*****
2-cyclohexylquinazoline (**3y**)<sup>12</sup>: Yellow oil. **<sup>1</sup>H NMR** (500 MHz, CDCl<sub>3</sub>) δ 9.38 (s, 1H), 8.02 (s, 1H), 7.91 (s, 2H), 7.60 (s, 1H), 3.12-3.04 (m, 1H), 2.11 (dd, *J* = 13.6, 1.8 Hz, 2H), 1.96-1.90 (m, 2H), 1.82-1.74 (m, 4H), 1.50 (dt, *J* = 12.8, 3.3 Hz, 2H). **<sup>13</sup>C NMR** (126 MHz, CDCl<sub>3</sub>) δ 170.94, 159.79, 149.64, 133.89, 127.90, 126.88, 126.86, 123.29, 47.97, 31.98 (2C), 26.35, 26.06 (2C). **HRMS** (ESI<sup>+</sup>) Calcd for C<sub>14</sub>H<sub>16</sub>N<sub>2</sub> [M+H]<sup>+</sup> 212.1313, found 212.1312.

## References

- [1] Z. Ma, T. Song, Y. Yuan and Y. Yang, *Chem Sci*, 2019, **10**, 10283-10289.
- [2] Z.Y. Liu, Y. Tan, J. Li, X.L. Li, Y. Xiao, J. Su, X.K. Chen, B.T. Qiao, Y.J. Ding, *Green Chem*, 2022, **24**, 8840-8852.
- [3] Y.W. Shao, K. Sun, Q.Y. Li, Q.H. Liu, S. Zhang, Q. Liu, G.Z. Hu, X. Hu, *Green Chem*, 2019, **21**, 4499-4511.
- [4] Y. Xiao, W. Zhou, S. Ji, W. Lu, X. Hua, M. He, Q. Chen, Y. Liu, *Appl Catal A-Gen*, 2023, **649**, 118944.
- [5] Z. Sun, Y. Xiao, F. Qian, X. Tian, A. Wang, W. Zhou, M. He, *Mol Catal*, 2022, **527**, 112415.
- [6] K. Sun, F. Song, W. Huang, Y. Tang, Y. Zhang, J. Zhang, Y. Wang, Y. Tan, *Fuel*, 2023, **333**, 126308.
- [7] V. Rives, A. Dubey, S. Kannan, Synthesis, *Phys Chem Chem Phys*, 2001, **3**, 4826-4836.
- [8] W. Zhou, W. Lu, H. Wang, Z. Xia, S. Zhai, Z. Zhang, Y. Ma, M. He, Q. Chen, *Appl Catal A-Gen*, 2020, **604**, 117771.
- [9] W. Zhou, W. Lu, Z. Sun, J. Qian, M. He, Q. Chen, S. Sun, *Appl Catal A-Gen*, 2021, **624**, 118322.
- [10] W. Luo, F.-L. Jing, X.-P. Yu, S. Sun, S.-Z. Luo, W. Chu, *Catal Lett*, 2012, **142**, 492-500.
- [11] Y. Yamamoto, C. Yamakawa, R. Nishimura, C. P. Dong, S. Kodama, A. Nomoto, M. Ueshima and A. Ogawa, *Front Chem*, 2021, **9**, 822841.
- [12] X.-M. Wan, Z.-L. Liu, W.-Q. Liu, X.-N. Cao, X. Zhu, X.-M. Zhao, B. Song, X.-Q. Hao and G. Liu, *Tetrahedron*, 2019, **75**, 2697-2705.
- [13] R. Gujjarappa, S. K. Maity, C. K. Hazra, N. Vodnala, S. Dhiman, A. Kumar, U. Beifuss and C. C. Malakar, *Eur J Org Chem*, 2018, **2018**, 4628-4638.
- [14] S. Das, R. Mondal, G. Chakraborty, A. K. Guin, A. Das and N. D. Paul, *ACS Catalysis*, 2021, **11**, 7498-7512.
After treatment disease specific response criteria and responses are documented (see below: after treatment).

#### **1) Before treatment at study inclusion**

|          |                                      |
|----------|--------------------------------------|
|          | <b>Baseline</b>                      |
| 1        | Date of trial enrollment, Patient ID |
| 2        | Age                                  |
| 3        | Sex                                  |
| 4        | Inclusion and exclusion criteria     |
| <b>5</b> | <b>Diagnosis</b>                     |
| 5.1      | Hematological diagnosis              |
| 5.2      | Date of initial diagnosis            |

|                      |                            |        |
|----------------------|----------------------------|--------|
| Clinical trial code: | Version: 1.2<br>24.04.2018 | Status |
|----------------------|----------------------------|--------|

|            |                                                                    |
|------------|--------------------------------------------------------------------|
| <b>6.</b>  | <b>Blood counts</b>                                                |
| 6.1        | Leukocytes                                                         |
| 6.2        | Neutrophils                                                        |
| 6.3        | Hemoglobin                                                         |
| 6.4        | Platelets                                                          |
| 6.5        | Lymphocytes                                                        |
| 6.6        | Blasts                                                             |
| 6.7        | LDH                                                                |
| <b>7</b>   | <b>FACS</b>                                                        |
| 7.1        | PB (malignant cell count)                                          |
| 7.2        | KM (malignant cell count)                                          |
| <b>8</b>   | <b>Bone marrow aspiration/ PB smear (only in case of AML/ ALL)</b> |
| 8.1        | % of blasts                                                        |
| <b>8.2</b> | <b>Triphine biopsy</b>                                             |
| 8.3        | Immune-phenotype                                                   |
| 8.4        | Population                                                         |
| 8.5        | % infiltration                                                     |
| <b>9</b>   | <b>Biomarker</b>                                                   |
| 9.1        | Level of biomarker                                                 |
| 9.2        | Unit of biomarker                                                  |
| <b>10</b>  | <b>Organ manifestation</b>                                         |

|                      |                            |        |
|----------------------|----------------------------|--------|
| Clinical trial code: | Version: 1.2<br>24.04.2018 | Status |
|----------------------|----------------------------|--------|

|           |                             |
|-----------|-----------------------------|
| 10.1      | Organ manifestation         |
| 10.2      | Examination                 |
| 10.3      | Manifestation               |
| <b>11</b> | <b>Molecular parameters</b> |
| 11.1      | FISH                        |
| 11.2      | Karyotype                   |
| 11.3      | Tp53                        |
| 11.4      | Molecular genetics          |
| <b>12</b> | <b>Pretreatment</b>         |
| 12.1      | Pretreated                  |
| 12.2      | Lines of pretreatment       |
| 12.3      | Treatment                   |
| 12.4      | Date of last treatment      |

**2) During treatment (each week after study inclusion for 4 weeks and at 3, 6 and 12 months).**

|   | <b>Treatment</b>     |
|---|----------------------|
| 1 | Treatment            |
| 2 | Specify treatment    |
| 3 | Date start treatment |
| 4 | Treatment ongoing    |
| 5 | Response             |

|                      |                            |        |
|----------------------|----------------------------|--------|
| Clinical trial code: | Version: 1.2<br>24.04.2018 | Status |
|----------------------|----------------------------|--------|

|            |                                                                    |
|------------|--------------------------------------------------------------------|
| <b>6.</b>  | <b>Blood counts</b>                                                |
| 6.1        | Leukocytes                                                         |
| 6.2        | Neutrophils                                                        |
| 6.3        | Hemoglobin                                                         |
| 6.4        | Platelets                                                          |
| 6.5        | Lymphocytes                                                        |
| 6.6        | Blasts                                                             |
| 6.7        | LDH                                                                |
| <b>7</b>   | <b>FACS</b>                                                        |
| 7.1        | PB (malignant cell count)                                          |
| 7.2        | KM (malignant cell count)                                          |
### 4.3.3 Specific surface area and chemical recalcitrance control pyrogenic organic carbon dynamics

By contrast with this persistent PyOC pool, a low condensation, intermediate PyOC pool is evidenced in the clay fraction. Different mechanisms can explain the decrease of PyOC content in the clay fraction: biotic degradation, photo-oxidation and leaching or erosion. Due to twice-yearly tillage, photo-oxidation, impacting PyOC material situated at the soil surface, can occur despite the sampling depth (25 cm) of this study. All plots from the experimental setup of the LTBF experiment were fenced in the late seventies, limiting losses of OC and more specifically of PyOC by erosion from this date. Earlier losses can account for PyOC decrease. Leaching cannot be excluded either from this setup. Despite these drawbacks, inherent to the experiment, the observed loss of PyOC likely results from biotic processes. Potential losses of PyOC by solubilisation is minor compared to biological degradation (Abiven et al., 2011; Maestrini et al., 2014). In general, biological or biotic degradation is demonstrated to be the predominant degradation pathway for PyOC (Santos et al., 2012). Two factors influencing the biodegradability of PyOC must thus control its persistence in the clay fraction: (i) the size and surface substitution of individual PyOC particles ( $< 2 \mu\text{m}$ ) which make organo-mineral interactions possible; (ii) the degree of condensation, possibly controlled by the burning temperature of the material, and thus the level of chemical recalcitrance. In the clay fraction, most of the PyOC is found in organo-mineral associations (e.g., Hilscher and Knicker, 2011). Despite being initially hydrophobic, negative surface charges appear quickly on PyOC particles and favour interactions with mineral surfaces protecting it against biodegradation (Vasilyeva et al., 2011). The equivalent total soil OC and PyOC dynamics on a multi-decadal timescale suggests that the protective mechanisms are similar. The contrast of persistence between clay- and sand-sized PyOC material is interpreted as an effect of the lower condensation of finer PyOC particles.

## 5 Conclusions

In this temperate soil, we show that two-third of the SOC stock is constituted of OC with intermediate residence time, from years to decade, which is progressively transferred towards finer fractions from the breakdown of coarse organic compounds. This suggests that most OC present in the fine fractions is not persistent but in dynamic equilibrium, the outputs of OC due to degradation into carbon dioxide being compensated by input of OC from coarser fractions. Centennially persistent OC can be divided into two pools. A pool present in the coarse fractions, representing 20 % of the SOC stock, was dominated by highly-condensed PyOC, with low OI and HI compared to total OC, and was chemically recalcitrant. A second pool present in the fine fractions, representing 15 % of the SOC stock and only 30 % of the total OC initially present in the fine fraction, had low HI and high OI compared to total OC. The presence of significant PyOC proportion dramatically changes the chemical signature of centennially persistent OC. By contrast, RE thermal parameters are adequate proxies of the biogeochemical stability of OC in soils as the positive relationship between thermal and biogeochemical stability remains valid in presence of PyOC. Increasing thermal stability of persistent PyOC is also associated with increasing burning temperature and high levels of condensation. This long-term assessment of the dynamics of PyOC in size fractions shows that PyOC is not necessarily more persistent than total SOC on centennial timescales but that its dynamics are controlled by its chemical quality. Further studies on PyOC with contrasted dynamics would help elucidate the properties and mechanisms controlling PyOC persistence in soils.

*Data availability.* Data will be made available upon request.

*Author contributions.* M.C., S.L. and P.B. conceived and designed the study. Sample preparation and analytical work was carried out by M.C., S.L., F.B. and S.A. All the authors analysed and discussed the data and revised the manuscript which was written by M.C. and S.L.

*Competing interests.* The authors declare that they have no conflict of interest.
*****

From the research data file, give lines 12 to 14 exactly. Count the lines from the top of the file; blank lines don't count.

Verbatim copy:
- [10] W. Luo, F.-L. Jing, X.-P. Yu, S. Sun, S.-Z. Luo, W. Chu, *Catal Lett*, 2012, **142**, 492-500.
- [11] Y. Yamamoto, C. Yamakawa, R. Nishimura, C. P. Dong, S. Kodama, A. Nomoto, M. Ueshima and A. Ogawa, *Front Chem*, 2021, **9**, 822841.
- [12] X.-M. Wan, Z.-L. Liu, W.-Q. Liu, X.-N. Cao, X. Zhu, X.-M. Zhao, B. Song, X.-Q. Hao and G. Liu, *Tetrahedron*, 2019, **75**, 2697-2705.